New cities, old promises

Memories may be short, but have we really already forgotten Dongtan – the promised eco-city on wetlands near Shanghai which, a year after the first phase of construction was meant to complete, remains confined to the virtual world of computer-generated architectural images?

Apparently, for British engineering firm Arup – the Dongtan designers who only sheepishly admitted the project was unlikely to go ahead long after it had been killed by a local corruption scandal – the answer is yes. Last week saw the unveiling of the company’s latest Chinese eco-project in Langfang, Hebei province, and, it seems, it is still promising the world: homes for 400,000 people by 2025, the world’s "largest green park" with theme park and exhibition centre, all built around the latest, smartest, greenest technology, according to website Eco Business, though precise design details have not yet been released by developer SunWorth Development Group.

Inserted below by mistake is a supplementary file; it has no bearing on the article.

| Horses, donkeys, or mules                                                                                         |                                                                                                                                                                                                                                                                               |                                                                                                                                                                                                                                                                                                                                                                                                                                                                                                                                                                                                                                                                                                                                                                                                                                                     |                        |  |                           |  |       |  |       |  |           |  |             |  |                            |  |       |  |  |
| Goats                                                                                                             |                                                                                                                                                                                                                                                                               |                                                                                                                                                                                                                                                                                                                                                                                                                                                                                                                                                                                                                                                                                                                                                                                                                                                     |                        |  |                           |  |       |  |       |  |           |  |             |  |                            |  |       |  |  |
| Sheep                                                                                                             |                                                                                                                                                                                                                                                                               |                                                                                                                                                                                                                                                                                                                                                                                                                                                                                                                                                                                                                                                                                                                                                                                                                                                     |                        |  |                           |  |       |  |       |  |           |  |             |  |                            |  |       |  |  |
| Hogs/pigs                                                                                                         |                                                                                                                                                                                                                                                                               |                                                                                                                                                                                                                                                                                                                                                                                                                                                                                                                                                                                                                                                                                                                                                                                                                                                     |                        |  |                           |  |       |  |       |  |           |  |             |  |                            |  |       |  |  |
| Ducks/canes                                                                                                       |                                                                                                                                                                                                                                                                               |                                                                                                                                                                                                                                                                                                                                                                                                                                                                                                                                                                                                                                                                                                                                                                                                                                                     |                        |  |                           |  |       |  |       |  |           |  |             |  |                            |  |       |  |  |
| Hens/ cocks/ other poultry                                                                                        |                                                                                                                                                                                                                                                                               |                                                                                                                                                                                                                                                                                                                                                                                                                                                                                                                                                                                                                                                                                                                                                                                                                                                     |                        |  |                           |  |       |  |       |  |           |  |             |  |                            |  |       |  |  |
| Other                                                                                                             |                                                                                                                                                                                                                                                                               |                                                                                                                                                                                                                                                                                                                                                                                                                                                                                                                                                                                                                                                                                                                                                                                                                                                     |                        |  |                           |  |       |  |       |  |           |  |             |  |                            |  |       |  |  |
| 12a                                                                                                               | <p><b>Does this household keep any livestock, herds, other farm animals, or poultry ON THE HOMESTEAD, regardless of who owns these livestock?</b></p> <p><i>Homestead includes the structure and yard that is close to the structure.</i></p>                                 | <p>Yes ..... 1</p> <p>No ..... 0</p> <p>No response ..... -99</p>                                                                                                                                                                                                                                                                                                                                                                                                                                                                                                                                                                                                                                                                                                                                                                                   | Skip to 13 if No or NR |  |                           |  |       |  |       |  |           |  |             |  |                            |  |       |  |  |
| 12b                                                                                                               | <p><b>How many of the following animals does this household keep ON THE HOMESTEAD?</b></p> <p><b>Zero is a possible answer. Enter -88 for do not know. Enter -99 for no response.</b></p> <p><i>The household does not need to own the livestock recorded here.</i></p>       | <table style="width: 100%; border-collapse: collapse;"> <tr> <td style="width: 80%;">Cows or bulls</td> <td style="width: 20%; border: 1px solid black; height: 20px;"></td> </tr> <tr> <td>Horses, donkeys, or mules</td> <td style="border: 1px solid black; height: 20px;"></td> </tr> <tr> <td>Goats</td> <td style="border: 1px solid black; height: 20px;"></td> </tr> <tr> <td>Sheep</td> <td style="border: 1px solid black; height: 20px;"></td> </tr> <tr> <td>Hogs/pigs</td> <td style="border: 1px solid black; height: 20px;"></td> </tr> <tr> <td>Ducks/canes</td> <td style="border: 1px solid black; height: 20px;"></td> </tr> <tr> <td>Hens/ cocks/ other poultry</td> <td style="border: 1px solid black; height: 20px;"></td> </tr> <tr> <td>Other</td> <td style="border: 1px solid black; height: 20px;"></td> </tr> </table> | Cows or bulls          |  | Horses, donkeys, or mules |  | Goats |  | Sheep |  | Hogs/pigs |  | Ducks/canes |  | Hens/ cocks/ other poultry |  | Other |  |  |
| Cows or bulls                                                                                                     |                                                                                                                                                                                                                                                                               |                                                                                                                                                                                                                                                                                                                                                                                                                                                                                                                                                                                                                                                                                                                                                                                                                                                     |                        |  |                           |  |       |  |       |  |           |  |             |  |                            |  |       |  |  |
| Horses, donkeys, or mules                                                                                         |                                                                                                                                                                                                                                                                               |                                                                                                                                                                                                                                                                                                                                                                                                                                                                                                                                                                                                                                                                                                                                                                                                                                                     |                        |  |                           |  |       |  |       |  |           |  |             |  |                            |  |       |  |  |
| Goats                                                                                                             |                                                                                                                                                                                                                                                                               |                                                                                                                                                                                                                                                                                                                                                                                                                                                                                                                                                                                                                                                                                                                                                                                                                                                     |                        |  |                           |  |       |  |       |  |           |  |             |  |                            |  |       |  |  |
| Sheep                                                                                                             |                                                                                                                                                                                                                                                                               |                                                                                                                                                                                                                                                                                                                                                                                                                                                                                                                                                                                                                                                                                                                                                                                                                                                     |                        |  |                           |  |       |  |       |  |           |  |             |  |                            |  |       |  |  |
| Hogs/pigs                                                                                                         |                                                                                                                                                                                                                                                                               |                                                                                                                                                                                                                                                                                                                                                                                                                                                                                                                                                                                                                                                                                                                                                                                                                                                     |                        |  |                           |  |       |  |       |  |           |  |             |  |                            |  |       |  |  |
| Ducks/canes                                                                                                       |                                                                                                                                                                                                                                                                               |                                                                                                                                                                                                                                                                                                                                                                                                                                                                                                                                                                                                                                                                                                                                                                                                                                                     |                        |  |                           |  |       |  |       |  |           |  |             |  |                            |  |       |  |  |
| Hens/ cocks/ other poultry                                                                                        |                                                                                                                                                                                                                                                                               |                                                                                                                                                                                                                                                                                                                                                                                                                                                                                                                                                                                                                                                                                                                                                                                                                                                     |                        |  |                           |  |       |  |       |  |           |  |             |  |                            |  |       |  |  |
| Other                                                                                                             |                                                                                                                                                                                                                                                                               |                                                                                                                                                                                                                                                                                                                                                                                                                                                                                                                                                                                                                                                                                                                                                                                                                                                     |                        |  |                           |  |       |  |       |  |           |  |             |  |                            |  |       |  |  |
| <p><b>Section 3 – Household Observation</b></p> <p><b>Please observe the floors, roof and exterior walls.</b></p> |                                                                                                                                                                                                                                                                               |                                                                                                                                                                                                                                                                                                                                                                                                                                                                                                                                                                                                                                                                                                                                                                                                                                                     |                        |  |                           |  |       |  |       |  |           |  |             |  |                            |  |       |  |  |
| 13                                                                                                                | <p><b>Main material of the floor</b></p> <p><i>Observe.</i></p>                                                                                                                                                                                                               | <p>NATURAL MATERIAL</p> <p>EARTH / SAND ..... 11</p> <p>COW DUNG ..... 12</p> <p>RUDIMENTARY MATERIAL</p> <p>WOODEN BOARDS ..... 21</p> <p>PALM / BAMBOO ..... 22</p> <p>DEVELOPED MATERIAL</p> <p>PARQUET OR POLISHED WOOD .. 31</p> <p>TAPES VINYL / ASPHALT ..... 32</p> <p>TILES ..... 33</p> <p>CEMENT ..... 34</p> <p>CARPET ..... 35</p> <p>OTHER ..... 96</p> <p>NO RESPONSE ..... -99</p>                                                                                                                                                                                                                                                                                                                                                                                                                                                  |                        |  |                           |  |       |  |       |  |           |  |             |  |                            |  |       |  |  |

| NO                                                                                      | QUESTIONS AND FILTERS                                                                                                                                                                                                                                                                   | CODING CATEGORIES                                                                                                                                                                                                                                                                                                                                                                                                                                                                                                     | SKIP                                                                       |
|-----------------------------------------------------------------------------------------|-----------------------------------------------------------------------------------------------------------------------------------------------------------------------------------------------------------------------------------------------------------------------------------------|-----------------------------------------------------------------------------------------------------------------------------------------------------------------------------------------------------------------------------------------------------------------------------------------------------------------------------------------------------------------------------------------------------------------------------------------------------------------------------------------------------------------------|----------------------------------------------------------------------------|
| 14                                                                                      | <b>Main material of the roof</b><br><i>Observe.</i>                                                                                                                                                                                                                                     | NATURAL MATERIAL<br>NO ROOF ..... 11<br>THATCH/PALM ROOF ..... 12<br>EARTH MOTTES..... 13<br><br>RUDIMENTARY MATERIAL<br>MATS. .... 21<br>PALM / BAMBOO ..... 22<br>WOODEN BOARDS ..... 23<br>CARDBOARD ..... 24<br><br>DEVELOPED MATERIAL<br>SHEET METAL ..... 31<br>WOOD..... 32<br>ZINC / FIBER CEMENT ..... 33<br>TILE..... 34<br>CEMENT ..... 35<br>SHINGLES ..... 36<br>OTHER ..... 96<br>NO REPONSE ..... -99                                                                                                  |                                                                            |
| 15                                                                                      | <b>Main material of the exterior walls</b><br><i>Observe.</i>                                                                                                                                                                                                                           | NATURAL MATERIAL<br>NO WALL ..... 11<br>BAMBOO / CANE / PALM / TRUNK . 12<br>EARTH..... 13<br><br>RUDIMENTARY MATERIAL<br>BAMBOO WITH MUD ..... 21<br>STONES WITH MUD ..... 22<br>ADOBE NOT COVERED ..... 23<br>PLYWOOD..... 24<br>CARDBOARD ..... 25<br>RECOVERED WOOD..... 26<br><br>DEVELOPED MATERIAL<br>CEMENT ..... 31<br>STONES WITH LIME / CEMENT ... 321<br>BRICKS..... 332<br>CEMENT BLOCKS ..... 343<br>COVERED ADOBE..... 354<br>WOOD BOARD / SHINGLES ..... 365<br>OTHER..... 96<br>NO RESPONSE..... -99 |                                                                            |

I don’t mean to suggest that all of China’s eco-city plans are a waste of time, or that it’s a bad thing for the country’s green urbanisation project to be a focus of international investment and collaboration. In principle, hubs of clean-tech innovation and green living, built in the right spots, are very attractive. It’s just that, so far, they have failed to materialise in meaningful form, while providing western companies and governments with fuel for their voracious green PR machines. 

Perhaps Langfang, or the Singapore-backed eco-development in Tianjin, or any of the many other nascent green city projects in China will prove the doubters wrong (the authors of this piece at UK-based campaign group Forum for the Future are optimistic about Tianjin, for instance). In the meantime, a little more modesty from global firms involved in what is clearly a complex and uncertain business would be welcome.